The Rockefeller family history is steeped in industrial and political accomplishments that have played a significant role in the shaping of America. As brothers John D. and William Rockefeller rose to social prominence during the late 19th century, their company - Standard Oil - became a hulking force in the booming fossil fuels industry, and established the roots for the generational wealth that still buoy their scions to this day.
The Rockefeller's business interests, coupled with their forays into politics (with Nelson Rockefeller even ascending as high as the vice presidency), have cemented them in as one of the most famous and influential families in American history. A case could be made that much of 20th century America's growth and development can be credited to this New York City brood, as they undoubtedly impacted the lives of millions in a variety of ways - though that impact was not always positive.
However, the Rockefellers are not without their secrets or controversies. From labor disputes, to monopolies, to foreign coups, to even - yes - cannibalism, some facts about the Rockefellers cast a dark shadow over the illustrious accomplishments made of their lineage.
William A. Rockefeller Was A Con Artist
William A. Rockefeller was the father of John D. and William Rockefeller Jr. - two men who would go on to be titans of industry and amass tremendous wealth. While the two heirs achieved much of their success on the straight-and-narrow, the same could not be said for their father who was complete con artist.
While working as a traveling salesman, William A. Rockefeller often faked being deaf and mute, peddling miracle-remedies that were completely useless. Going by the nom de plume, "Devil Bill," the snake-oil pushing Rockefeller also took on a mistress and fathered multiple illegitimate children. However, his true magnum opus of fraud was likely his successful impersonation of a doctor named William Livingston, an eye-and-ear specialist.
Was Michael Rockefeller Eaten By Cannibals?
On November 19, 1961, Michael C. Rockefeller disappeared. The 23-year-old son of then-New York governor, Nelson Rockefeller, was on an anthropological expedition off the coast of New Guinea when his catamaran tipped over. In hopes of making it to shore to get help for his fellow passengers, Rockefeller swam off into the sea and was never seen again.
Though many concluded that Rockefeller likely succumbed to drowning, or was eaten by a shark or crocodile, some have speculated that he met a much more grim fate. At the time, there were multiple tribes that practiced cannibalism in southern New Guinea, and in 1969 a Dutch journalist ventured into a remote village to investigate Rockefeller's disappearance where he was told that Rockefeller had been killed and eaten.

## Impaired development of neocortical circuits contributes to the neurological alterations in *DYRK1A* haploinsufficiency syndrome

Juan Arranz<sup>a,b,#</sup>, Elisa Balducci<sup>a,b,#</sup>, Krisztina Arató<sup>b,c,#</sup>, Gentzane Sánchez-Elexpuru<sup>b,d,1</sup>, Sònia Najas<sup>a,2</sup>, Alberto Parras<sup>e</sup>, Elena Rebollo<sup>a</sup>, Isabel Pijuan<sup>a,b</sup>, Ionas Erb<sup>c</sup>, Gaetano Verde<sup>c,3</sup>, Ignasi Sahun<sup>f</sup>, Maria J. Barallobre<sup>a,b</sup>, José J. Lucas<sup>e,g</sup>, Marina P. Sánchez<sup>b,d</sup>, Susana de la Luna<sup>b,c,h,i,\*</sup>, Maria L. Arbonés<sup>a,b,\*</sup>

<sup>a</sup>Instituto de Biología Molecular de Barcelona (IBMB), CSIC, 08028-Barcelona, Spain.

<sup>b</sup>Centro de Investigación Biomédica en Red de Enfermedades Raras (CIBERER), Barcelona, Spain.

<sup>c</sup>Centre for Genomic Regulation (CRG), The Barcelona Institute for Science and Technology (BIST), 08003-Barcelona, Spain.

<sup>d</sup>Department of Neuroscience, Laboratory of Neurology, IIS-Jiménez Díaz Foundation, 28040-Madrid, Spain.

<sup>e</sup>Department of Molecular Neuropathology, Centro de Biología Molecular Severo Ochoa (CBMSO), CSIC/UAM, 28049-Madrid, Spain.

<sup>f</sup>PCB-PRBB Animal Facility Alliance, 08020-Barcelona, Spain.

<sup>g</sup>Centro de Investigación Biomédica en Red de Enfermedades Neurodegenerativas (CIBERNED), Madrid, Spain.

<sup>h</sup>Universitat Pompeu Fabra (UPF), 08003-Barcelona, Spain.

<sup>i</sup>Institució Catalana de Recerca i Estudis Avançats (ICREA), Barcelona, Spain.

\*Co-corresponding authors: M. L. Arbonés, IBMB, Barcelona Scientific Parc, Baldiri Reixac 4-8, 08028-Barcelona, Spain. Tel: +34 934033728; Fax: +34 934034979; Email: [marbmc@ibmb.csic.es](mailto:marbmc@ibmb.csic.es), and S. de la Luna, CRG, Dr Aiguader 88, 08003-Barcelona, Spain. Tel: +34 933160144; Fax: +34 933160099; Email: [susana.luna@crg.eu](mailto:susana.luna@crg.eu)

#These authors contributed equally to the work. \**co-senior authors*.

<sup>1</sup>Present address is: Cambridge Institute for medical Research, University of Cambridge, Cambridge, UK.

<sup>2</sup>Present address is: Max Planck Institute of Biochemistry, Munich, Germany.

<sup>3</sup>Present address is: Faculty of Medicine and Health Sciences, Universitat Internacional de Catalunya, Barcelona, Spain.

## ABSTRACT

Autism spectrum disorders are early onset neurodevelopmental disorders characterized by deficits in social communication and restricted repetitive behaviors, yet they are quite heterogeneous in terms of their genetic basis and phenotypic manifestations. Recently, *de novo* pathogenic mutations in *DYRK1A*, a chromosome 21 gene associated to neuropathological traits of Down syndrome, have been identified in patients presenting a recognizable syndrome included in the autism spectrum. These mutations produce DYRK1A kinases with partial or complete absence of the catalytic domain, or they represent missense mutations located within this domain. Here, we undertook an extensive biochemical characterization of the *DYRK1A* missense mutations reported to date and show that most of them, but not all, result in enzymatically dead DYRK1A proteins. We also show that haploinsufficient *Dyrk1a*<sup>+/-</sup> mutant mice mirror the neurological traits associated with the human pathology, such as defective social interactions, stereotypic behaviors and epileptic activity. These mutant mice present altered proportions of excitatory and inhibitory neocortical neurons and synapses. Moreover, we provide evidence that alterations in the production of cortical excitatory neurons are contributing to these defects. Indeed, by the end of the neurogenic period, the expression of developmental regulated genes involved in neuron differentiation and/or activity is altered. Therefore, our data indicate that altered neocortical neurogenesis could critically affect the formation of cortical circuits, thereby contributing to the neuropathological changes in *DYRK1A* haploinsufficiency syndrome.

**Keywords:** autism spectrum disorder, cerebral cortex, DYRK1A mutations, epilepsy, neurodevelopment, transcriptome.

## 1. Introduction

To this day, Michael Rockefeller's death remains a mystery.
A Murder-Suicide Claims Three Lives
One of the first major tragedies to befall the Rockefeller family came in 1951 when Winifred Emeny - the great niece of John D. Rockefeller - killed her two children before taking her own life. Emeny, who was a known socialite in the Greenwich, CT, scene, started two cars in her garage - in one of the cars she put her two young daughters, Josephine, 6, and Winifred, 12, while she lay on the ground between the two running vehicles.
All three of them were discovered by the family's maid, dead from asphyxiation.
Standard Oil's Role In The Ludlow Massacre
In September of 1913, nearly 11,000 coal miners in Colorado went on strike against the Colorado Fuel & Iron Corporation. The aggrieved workers were protesting low wages, dangerous working conditions, and the servitude-like relationship they had with their employer. CF&I - which was owned by the Rockefeller family and Standard Oil - responded to the work strike by evicting the workers and their families from the company-owned housing. The workers maintained their resolve, however, setting up nearby tent communities and continuing the strike.
With the aid of the National Guard, the Rockefeller-owned corporation sought to break the strike, and in April of 1914, two companies of guardsmen descended on the tent colony near the town of Ludlow. The result was a slaughter.
After killing the strike leader - who was attempting to negotiate a truce - the guardsman began shooting at families fleeing the scene. All told, 19 were killed, including several women and children.